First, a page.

This guild of peers includes members and former leaders of South Carolina’s funeral industry associations. It rarely revokes or suspends a license, preferring to levy reprimands and light fines that keep problem operators in business. Even when licenses are pulled, no one checks to make sure those disciplined are abiding by the rules unless someone files a formal complaint.

What’s more, nearly 40 percent of the 600 complaints filed against funeral homes and their operators were dismissed between 2006 and 2017 with no action taken, according to labor department records.

That doesn’t surprise Joshua Slocum, who leads the national Funeral Consumer Alliance, a Vermont-based nonprofit that fights for transparency and funeral affordability. He said most states have models similar to South Carolina’s, with funeral boards dominated by funeral professionals. It’s an opaque system rigged to benefit the death industry, concealing misdeeds and leaving consumers in the dark, he said.

“It’s an outrage against public policy and a clear, no-gray-area conflict of interest,” he said. “The system may be legal, but it’s inherently corrupt.”

South Carolina’s funeral board is ensconced in the state’s labor and licensing agency, one of some 40 professional boards that oversee more than 400,000 licenses for everything from architects and accountants to foot doctors. Most of these boards also are dominated by insiders from their respective industries.

Read it all.

Posted in * South Carolina, Consumer/consumer spending, Death / Burial / Funerals

(Newsroom) New Zealand Anglican Bishops are Divided on Assisted Suicide

The eight top Anglican bishops of New Zealand have come out against David Seymour’s proposed euthanasia bill but three other bishops have voiced their support.

The two very different submissions on the End of Life Choice Bill are a sign of the differences of opinion within the country’s second largest church and among its 450,000 adherents.

The eight bishops, the church’s top leaders, have told Parliament’s Justice select committee that more money should be put into palliative care and helping families looking after the terminally ill, rather than allowing euthanasia or assisted dying.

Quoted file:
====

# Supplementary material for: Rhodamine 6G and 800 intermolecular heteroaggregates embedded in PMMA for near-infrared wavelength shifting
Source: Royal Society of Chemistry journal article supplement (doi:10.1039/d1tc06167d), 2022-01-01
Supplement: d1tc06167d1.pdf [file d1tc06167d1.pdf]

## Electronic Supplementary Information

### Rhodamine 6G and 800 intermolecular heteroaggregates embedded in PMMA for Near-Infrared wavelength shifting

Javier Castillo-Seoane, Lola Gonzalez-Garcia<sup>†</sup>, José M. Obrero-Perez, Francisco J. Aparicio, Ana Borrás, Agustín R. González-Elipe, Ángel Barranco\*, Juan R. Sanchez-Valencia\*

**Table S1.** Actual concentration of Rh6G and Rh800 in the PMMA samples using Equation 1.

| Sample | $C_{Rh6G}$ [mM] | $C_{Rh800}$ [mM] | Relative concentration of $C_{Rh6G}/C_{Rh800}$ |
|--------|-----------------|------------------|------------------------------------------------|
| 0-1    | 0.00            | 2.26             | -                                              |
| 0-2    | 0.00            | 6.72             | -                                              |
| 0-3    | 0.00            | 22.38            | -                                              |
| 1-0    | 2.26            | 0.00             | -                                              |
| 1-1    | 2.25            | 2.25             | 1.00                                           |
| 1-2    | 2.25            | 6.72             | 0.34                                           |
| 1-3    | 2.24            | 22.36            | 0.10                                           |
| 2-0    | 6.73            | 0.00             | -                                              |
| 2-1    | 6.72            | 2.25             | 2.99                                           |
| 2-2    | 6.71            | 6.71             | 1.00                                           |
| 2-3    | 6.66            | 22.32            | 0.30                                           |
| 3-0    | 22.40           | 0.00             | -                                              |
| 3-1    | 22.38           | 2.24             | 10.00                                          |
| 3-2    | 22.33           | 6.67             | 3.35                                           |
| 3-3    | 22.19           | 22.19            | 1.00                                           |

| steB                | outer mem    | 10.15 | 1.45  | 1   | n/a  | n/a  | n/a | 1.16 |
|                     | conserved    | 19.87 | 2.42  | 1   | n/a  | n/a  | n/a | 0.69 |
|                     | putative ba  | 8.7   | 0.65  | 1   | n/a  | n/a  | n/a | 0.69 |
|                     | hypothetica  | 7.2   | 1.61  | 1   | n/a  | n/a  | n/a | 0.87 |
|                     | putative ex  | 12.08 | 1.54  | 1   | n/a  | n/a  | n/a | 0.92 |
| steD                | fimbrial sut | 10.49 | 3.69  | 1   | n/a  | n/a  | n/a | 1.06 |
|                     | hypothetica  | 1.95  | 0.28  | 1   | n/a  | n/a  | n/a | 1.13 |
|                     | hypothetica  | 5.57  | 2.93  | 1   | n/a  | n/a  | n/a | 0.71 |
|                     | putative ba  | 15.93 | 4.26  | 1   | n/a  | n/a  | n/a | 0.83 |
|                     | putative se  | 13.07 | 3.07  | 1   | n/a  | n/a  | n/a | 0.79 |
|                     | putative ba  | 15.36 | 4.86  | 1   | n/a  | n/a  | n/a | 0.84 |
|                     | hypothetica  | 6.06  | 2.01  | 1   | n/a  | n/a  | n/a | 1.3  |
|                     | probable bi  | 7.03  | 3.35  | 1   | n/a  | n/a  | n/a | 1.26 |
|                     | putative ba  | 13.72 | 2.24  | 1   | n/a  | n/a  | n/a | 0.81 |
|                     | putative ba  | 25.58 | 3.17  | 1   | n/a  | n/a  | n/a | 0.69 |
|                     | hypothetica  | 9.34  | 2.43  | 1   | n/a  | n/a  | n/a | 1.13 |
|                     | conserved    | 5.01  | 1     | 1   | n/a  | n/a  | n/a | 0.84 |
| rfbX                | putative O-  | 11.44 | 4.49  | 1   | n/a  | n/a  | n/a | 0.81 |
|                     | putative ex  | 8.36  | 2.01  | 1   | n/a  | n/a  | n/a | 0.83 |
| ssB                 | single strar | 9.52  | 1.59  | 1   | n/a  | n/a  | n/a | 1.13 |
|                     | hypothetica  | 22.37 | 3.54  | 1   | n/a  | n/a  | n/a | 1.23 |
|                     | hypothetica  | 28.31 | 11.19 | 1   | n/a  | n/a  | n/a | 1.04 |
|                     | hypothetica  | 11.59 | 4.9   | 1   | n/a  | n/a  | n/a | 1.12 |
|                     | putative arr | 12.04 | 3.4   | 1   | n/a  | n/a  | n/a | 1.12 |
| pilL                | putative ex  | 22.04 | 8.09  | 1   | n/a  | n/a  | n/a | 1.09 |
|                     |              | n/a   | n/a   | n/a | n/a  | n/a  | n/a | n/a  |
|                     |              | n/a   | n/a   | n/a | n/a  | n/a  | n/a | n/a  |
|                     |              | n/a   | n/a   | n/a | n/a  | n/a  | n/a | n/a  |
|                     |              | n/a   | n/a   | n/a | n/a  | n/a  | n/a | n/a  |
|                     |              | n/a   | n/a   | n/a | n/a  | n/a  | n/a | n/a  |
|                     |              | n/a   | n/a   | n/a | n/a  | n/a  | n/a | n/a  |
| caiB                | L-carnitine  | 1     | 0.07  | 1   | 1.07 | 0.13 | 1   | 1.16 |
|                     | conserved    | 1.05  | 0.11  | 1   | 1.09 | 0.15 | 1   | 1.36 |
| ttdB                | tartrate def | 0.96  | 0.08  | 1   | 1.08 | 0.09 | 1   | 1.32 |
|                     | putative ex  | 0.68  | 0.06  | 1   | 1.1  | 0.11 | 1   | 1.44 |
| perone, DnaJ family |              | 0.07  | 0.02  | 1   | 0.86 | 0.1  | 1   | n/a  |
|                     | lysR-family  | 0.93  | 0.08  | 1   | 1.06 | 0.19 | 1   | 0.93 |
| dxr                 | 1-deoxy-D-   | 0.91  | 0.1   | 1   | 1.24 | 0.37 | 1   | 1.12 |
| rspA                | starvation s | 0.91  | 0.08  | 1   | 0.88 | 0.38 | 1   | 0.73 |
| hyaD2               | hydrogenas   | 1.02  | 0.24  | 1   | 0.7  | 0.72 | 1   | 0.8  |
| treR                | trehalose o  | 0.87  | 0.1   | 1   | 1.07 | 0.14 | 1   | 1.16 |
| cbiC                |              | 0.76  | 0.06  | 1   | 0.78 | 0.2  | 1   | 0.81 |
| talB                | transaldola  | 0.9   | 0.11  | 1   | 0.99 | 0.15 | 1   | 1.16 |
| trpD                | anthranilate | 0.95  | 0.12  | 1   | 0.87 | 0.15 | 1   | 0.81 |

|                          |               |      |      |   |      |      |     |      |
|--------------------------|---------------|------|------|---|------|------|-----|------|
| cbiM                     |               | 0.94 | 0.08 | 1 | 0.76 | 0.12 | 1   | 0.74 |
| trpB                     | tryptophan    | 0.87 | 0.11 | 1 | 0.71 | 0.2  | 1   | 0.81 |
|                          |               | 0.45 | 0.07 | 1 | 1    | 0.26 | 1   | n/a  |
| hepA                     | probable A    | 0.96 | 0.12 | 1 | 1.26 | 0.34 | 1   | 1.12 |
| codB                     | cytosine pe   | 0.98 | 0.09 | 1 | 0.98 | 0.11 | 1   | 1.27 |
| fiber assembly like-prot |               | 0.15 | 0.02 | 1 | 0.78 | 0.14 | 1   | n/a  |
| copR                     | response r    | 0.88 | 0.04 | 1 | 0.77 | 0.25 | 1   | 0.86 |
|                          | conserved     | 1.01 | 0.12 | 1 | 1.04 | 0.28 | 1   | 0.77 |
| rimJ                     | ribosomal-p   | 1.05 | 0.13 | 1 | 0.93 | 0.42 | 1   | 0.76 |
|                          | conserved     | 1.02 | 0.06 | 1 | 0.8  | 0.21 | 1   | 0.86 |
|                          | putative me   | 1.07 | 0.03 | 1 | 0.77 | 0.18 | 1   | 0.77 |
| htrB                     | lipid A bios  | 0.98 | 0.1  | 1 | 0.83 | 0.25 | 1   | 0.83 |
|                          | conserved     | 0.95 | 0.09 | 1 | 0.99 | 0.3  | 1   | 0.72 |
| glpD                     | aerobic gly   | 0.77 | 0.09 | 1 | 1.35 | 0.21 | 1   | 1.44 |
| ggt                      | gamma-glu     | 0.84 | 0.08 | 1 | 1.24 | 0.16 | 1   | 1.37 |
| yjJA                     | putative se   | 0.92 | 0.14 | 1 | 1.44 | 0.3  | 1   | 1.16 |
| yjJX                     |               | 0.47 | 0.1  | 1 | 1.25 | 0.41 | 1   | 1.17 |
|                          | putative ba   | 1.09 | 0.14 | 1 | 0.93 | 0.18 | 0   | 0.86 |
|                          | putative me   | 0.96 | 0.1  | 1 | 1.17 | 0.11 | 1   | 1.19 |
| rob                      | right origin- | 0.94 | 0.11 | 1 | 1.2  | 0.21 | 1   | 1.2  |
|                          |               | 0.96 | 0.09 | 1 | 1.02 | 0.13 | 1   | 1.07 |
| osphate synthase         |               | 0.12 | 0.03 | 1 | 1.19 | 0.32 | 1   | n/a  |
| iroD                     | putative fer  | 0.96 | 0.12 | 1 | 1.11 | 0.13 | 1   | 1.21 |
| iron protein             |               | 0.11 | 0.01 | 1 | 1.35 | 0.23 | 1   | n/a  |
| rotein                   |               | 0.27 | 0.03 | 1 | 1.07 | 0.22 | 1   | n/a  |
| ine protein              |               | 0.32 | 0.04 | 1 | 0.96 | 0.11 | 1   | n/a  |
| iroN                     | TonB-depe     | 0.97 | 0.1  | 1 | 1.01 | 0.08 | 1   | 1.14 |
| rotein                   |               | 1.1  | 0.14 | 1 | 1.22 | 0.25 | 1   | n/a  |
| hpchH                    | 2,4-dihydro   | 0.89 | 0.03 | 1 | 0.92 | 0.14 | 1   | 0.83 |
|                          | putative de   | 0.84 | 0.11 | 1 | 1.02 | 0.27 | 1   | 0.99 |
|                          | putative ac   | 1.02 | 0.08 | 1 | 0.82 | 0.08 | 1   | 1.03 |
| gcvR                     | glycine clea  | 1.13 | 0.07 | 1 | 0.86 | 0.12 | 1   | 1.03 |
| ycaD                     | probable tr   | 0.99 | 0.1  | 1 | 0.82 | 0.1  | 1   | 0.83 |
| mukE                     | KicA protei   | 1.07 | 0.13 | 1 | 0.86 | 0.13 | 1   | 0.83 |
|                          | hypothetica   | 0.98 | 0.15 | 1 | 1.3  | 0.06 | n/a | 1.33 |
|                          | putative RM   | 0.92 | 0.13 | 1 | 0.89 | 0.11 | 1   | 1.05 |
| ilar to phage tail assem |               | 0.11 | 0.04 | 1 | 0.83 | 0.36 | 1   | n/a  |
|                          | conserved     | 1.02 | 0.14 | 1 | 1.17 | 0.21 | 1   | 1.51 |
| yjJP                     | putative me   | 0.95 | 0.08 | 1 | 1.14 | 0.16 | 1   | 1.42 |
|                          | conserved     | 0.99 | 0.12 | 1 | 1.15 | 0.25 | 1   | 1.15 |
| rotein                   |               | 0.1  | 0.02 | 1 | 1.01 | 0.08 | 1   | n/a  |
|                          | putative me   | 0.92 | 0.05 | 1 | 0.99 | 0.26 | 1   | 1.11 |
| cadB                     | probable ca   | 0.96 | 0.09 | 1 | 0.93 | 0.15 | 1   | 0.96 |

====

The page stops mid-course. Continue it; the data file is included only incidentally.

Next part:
The submission – by the bishops of Dunedin, Christchurch, Waiapu, Auckland, Wellington, Nelson, Te Waipounamu and Waikato/Taranaki – is one of 35,000 to the committee and among thousands made public this month.

But three other bishops – two former bishops, John Bluck and David Coles, and Assistant bishop of Auckland, Jim White – have published a contrary opinion saying for some people with a terminal illness, assisted dying “is a good and moral choice”.

Read it all.

Posted in Anglican Church in Aotearoa, New Zealand and Polynesia, Anthropology, Australia / NZ, Death / Burial / Funerals, Ethics / Moral Theology, Health & Medicine, Law & Legal Issues, Life Ethics, Pastoral Theology, Religion & Culture, Theology

(ENS) 69 percent of congregations in the Episcopal Church (TEC) ‘have an average Sunday attendance of less than 100’

Although capacious churches, glorious choirs, multiple clergy and the smells and bells of Holy Day services may capture the imagination of Episcopalians, the reality is that the majority of congregations in the Episcopal Church tend toward the smaller size, with often dramatically different backdrops and ministerial needs than large churches.

In fact, according to data presented by the Task Force on Clergy Leadership Formation in Small Congregations, 69 percent of Episcopal congregations have an average Sunday attendance of less than 100, placing them in the category of “small congregation.” To take this even further, bishops surveyed by the task force reported that a “substantial minority” of their congregations number less than 20 on an average Sunday.

Recognizing these congregations’ unique needs and issues, the 78th General Convention three years ago asked for a task force to “develop a plan for quality formation for clergy in small congregations that is affordable, theologically reflective and innovative.”

Read it all and I found the comments of interest as well.

Posted in Episcopal Church (TEC), Parish Ministry, TEC Parishes

The Guardian view on an Anglican cover-up: the church that didn’t want to know